Readjusting My Dream of Hong Kong

Readjusting my Dreams of Hong Kong

When I decided to move to Hong Kong to teach high school English, I ignored almost everything that suggested living there would be different to what I imagined. I did not heed my employers’ warning about Hong Kong’s astronomically expensive real estate market, nor did I fully comprehend the news I’d been hearing about the growing political unrest between locals and government officials in Beijing.

In choosing to move to Hong Kong, I disregarded what little I knew about the city’s social realities in favor of chasing the dream I’d harbored as a college student studying in the sleepy hills of rural Northern Georgia. My dream was to live in a big city, and Hong Kong seemed to offer the perfect antidote to the small town existence I had always known. Ever the idealist, I based this assumption on a collection of films that I had fallen in love with. Set in the blazing streets of Hong Kong, the films of Chinese director Wong Kar Wai fueled my desire to move there.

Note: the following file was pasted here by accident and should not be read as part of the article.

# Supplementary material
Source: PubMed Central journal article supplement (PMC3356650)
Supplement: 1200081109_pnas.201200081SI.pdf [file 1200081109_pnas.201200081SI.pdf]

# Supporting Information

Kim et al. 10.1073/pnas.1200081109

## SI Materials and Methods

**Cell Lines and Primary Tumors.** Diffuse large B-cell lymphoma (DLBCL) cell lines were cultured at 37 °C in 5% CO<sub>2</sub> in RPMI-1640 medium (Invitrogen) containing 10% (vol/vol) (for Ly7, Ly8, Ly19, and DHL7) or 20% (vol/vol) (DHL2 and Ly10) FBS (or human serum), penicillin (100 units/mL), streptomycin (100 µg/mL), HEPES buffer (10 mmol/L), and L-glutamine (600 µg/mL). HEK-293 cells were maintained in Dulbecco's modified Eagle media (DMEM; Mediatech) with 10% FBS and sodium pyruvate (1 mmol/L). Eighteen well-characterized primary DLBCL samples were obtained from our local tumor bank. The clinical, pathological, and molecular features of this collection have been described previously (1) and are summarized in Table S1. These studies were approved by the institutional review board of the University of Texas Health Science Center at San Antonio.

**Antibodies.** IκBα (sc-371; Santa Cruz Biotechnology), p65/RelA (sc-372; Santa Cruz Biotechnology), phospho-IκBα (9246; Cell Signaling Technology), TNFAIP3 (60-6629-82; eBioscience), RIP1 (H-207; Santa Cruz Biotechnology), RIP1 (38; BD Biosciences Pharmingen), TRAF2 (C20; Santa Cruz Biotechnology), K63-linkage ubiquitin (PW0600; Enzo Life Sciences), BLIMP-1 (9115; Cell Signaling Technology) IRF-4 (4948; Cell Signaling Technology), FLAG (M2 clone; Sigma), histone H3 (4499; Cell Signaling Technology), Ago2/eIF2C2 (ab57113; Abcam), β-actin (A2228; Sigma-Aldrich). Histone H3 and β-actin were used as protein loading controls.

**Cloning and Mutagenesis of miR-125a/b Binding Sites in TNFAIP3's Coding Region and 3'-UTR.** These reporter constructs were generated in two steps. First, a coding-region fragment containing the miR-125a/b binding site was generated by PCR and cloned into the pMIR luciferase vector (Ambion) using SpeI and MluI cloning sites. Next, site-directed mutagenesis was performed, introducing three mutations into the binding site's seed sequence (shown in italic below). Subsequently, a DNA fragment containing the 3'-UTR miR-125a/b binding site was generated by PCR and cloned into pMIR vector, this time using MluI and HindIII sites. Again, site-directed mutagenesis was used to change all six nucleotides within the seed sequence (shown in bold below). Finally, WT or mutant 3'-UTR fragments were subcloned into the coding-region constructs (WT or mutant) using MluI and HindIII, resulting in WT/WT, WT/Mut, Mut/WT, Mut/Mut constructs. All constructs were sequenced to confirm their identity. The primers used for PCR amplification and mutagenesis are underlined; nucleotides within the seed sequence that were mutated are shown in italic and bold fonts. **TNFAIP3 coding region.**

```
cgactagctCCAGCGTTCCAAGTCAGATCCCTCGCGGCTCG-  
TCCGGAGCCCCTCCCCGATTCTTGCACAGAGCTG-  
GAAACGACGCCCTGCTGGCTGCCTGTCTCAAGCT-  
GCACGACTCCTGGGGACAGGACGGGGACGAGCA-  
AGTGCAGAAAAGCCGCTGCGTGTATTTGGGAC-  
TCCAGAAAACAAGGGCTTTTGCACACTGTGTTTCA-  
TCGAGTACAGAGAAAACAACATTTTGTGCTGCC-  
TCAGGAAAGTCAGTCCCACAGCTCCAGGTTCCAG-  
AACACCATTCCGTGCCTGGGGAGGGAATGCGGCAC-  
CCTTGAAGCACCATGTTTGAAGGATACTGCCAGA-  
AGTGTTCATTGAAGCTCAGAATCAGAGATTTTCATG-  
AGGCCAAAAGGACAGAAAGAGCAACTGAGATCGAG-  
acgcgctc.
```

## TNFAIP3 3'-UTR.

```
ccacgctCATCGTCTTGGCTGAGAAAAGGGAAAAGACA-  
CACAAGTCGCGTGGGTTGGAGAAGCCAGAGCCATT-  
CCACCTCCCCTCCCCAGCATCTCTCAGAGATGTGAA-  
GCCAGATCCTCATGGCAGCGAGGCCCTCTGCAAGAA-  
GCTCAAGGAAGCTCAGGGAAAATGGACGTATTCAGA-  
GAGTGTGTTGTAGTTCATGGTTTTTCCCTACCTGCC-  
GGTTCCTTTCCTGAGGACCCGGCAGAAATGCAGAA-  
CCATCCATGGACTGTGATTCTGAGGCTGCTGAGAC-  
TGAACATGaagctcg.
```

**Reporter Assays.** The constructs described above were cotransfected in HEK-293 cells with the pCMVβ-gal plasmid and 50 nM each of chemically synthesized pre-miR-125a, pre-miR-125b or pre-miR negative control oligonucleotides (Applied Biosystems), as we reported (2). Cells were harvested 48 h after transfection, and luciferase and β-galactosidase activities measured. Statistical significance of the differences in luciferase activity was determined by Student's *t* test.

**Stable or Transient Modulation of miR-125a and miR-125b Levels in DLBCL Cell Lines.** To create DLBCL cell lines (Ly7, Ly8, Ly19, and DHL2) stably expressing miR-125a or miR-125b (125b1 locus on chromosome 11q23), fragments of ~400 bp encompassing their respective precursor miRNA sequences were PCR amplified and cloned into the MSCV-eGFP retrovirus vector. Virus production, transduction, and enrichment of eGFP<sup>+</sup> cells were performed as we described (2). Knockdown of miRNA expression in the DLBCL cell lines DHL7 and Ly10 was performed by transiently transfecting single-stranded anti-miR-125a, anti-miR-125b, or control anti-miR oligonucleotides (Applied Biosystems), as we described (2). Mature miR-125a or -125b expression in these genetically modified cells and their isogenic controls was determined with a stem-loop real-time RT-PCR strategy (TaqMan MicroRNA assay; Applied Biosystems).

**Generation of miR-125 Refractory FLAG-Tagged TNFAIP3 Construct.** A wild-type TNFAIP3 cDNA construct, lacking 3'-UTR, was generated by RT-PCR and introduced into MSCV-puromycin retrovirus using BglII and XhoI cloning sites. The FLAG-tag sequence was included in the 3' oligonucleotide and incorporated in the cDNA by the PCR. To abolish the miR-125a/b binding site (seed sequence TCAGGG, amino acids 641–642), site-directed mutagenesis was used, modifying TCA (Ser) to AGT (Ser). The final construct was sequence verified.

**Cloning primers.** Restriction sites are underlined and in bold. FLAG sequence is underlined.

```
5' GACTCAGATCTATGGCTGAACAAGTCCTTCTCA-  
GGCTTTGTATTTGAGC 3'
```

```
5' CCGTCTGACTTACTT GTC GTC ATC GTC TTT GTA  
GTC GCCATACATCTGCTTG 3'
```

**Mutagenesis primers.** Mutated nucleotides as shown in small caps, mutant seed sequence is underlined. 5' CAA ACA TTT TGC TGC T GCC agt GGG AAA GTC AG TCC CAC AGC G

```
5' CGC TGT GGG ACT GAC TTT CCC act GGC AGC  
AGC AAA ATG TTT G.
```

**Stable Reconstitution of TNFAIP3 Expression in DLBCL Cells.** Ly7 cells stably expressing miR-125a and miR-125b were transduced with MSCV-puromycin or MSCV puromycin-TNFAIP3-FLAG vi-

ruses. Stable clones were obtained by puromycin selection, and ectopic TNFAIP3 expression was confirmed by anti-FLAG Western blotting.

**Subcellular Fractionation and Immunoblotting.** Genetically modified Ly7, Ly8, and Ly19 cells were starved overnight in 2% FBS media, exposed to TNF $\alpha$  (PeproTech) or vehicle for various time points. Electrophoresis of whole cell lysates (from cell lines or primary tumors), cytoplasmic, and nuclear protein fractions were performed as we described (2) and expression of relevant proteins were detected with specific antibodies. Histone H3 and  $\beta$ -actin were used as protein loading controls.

His films depict Hong Kong as a city full of romance and color, where people spend their days longing after old lovers, taking midnight trips to noodle stalls, and playing mahjong in smoke-filled tea rooms. Although it is silly to make a life-changing decision based on the visual appeal of a few films, I was nevertheless taken by Wong Kar Wai’s vision of the city. I applied for a job to work as an English tutor in a local high school, and the pursuit of my Hong Kong dream began.

My dream was to live in a big city, and Hong Kong seemed to offer the perfect antidote to the small town existence I had always known.

When I arrived in Hong Kong it didn’t take long for me to realize that the city was no longer the stuff of the ’90s art house films I loved (although upon further reflection I’m sure it never was, and that the purpose of art is to alter perceptions). Arriving in the heat of August, the appeal of the city’s skyscrapers and outlying islands was greatly diminished by the overwhelming humidity that not even living in Georgia could have prepared me for. The crowds were so dense that I developed a slight anxiety towards going outside for non-essential reasons.